'London: the Information Capital' showcases UCL data and mapping research
5 November 2014
A new book bursting with London maps and infographics, published last week, is the result of a year of intense work by Dr James Cheshire (UCL Geography) and designer Oliver Uberti.
'London: the Information Capital' seeks to paint a contemporary portrait of the city through its abundance of open data and highlights a range of UCL research from departments including the UCL Centre for Advanced Spatial Analysis (CASA) and UCL Security and Crime Science.
Work from UCL researchers featured in the book includes the capture of commuter flows from Oyster Card data, a new map of the demographic composition of the capital and fresh insights into huge volumes of social media data.
The book contains over 100 full-colour spreads alongside essays introducing each of five broad themes - Where we are, Who we are, Where we go, How we're doing and What we like.
Many of the graphics are the direct result of research that I'm working on or the results from research by friends and UCL colleagues. Whilst working on the book I would keep asking myself 'If I could map anything on London what would it be?'
Dr James Cheshire
Talking about the idea behind the book, James said: "More datasets are freely available for London than ever before and our ability to make the most of them thanks to powerful computers and graphics software has never been better. Such developments, combined with the inspiring work of colleagues at UCL, meant it felt like the ideal moment to capture the depth and diversity of modern London through its data."
Facts from the book include:
- The trains of the London Underground network log more than 75 million kilometres a year - like circling the Earth at the Equator 1,900 times.
- In one corner of the City of London, the population spikes from 222 residents by night to in excess of 127,000 by day.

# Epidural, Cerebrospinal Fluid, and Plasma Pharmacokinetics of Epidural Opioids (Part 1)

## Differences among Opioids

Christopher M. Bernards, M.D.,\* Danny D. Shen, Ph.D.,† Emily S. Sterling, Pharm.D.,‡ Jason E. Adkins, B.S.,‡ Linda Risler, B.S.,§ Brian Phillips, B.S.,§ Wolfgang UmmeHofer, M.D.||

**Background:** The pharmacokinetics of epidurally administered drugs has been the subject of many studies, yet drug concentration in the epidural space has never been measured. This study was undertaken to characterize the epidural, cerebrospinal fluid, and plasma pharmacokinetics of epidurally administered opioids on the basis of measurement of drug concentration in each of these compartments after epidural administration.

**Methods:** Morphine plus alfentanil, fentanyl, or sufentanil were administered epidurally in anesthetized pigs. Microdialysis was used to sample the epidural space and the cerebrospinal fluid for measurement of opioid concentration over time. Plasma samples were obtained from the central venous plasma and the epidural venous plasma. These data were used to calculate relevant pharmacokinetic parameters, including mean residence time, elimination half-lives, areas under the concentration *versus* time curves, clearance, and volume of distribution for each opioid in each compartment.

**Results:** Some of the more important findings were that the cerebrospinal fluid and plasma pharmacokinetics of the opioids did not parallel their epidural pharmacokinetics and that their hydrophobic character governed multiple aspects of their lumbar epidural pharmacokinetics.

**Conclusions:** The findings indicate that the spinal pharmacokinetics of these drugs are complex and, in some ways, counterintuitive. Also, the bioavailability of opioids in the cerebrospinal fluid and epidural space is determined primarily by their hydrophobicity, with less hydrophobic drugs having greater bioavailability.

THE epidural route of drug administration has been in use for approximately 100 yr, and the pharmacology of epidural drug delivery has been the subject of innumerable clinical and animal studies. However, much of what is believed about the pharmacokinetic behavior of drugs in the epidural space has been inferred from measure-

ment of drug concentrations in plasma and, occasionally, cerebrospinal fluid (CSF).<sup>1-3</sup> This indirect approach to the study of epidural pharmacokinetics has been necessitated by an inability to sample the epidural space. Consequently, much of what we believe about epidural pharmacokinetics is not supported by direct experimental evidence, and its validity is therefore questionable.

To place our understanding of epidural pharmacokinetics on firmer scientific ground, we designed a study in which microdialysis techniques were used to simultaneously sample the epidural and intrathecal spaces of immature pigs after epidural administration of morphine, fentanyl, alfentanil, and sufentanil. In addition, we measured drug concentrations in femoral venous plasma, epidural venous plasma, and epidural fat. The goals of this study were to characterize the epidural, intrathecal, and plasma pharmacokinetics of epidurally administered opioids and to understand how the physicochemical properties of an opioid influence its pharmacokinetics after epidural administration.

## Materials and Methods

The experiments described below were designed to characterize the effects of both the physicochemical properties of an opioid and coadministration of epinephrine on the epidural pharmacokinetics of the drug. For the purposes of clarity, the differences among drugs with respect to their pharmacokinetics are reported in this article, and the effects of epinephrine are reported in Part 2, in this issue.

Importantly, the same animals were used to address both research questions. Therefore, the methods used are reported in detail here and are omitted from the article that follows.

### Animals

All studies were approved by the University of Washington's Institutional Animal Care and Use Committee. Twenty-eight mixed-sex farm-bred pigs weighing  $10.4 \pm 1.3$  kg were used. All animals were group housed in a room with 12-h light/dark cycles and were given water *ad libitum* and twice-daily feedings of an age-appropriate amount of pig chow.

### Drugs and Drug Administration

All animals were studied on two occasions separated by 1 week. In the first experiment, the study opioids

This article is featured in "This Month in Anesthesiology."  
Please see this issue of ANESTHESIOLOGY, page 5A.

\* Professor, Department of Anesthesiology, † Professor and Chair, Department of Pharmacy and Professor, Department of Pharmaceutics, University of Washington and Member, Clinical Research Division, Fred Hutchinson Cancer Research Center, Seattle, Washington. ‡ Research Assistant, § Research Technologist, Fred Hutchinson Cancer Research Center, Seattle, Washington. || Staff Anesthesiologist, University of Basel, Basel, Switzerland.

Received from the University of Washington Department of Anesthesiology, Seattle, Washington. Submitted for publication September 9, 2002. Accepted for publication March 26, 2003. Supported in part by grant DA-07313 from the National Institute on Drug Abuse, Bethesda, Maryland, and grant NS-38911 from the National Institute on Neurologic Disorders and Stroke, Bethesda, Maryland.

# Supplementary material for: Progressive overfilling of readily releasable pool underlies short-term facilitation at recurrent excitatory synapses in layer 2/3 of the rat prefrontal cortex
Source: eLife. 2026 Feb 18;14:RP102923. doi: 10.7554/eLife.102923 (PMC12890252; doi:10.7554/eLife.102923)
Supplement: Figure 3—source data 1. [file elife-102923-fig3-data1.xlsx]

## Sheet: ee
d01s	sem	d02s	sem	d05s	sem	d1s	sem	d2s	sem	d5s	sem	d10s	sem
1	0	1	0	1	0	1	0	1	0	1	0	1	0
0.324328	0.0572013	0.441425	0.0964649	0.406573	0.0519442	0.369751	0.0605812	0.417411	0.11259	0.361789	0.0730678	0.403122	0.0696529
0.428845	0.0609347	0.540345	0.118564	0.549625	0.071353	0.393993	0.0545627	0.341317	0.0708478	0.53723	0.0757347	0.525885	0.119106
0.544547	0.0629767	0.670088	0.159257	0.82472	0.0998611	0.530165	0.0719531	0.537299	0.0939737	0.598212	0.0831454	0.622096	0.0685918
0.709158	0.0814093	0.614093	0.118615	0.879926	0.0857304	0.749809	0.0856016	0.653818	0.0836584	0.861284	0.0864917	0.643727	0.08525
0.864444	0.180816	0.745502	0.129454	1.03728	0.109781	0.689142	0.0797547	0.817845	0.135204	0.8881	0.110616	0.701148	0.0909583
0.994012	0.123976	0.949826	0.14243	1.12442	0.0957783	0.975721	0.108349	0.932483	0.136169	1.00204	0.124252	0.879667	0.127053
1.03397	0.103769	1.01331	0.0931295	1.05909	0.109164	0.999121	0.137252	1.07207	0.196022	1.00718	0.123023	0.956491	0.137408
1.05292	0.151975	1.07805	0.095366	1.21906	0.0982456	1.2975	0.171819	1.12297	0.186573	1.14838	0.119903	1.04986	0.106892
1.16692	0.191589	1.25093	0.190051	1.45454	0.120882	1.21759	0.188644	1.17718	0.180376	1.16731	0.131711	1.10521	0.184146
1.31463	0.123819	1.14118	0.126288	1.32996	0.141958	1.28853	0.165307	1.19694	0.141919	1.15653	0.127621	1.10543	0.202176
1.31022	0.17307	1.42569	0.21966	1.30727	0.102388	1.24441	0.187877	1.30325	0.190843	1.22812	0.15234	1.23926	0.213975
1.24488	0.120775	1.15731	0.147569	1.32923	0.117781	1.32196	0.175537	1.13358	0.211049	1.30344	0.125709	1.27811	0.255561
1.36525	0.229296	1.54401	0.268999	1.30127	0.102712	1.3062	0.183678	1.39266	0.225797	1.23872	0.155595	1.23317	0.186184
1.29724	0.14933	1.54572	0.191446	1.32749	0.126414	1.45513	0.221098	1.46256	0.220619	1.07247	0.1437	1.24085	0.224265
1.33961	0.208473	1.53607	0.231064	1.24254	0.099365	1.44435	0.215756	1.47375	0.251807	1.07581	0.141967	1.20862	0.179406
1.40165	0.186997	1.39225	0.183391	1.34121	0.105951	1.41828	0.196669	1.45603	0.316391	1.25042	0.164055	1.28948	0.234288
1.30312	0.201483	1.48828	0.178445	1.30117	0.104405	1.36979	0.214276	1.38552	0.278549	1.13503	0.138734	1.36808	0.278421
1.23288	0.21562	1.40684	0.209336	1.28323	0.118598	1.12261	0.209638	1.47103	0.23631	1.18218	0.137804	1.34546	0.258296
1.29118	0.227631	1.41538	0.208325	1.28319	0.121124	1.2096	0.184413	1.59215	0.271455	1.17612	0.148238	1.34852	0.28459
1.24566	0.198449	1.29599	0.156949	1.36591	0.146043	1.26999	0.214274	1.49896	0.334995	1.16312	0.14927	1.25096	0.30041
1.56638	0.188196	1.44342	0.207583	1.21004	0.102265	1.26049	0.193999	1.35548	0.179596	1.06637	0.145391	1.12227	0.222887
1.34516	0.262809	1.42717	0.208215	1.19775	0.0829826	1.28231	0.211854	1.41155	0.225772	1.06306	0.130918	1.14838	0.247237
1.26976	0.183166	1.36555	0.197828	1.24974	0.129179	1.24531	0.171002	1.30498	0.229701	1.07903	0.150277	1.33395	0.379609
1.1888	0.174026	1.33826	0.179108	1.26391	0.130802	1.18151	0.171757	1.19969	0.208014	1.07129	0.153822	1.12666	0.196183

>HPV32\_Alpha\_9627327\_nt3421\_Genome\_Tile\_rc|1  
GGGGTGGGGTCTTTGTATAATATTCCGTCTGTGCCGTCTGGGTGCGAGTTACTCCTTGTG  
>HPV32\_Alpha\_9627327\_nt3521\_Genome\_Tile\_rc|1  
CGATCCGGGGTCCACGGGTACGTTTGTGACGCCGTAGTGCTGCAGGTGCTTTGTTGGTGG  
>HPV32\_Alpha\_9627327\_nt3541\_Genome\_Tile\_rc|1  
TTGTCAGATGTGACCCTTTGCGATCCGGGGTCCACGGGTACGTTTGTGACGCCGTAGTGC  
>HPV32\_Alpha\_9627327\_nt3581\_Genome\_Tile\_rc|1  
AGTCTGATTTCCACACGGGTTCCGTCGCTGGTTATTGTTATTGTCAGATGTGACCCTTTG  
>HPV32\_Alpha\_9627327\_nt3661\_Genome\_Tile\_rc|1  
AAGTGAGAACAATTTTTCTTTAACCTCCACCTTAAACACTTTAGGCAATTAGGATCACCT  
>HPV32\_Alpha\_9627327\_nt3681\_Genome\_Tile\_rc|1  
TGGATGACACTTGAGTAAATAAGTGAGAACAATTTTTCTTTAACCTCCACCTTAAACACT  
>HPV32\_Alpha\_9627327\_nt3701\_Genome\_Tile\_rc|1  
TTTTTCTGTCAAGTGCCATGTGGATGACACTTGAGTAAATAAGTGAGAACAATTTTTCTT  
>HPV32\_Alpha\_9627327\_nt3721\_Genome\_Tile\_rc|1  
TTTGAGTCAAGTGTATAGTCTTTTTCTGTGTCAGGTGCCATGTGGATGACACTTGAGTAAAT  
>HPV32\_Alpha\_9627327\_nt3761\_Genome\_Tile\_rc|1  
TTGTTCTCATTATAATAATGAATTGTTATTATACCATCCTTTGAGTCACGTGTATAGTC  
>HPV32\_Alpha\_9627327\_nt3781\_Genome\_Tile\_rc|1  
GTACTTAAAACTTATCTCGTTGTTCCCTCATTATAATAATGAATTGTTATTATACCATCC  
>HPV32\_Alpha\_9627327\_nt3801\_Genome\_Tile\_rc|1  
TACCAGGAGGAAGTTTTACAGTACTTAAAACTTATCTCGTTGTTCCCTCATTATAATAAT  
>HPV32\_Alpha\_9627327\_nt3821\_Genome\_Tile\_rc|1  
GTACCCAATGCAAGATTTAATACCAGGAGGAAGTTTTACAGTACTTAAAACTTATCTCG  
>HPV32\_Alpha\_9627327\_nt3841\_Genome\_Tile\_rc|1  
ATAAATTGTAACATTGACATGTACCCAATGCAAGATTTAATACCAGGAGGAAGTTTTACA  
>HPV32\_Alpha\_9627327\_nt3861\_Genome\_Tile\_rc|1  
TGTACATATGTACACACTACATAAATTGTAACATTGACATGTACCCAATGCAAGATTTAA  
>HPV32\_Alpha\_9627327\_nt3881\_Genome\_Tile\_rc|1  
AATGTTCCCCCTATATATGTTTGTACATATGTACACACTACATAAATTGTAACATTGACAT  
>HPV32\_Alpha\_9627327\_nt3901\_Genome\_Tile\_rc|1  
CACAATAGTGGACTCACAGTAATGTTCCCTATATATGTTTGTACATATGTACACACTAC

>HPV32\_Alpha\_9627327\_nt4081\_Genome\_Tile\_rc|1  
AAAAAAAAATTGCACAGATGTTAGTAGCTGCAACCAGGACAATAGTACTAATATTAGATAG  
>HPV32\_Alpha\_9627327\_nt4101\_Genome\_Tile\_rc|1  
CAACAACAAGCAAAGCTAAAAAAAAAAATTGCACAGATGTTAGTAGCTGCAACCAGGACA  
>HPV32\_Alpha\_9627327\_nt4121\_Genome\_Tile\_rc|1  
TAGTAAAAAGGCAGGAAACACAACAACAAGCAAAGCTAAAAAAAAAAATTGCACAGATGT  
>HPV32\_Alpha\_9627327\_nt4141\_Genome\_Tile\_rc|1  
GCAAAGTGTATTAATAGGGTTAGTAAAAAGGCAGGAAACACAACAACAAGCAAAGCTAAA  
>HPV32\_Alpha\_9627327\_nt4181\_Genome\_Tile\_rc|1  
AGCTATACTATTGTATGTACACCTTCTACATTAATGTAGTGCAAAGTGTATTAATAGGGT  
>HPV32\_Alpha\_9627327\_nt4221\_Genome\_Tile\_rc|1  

- In 2013, the London emergency services responded to 1.1 million calls. 32,500 of them were for incapacitated binge-drinkers.
- In 2013, Londoners took 2.4 billion bus journeys.
- How "The Knowledge" of London's black cab drivers compares to sat nav.
James added: "We hope that the book works on a number of levels. Each of the hundred or so graphics has its own message about a particular aspect of London life as shown through its data. When combined these graphics offer a compelling argument for the power of data visualisation and the importance of London as the information capital.
"Many of the graphics are the direct result of research that I'm working on or the results from research by friends and UCL colleagues. Whilst working on the book I would keep asking myself 'If I could map anything on London what would it be?' and then try and pursue the answer. Some data had never been collected, but many times datasets were already freely available through the likes of the London DataStore or could be obtained through Freedom of Information requests."
James' current research focus is the use of 'big data' and open datasets for the study of social science - a project funded by the ESRC Future Research Leaders Scheme. James is also a co-investigator in two of ESRC's 'Big Data Network' initiatives - the Consumer Data Research Centre and the Administrative Data Research Centre. He has published in a range of journals on a variety of topics including the use of cycle hire schemes, the spatial analysis of surnames and new ways to visualise population data.
(Top right) 'London: the Information Capital'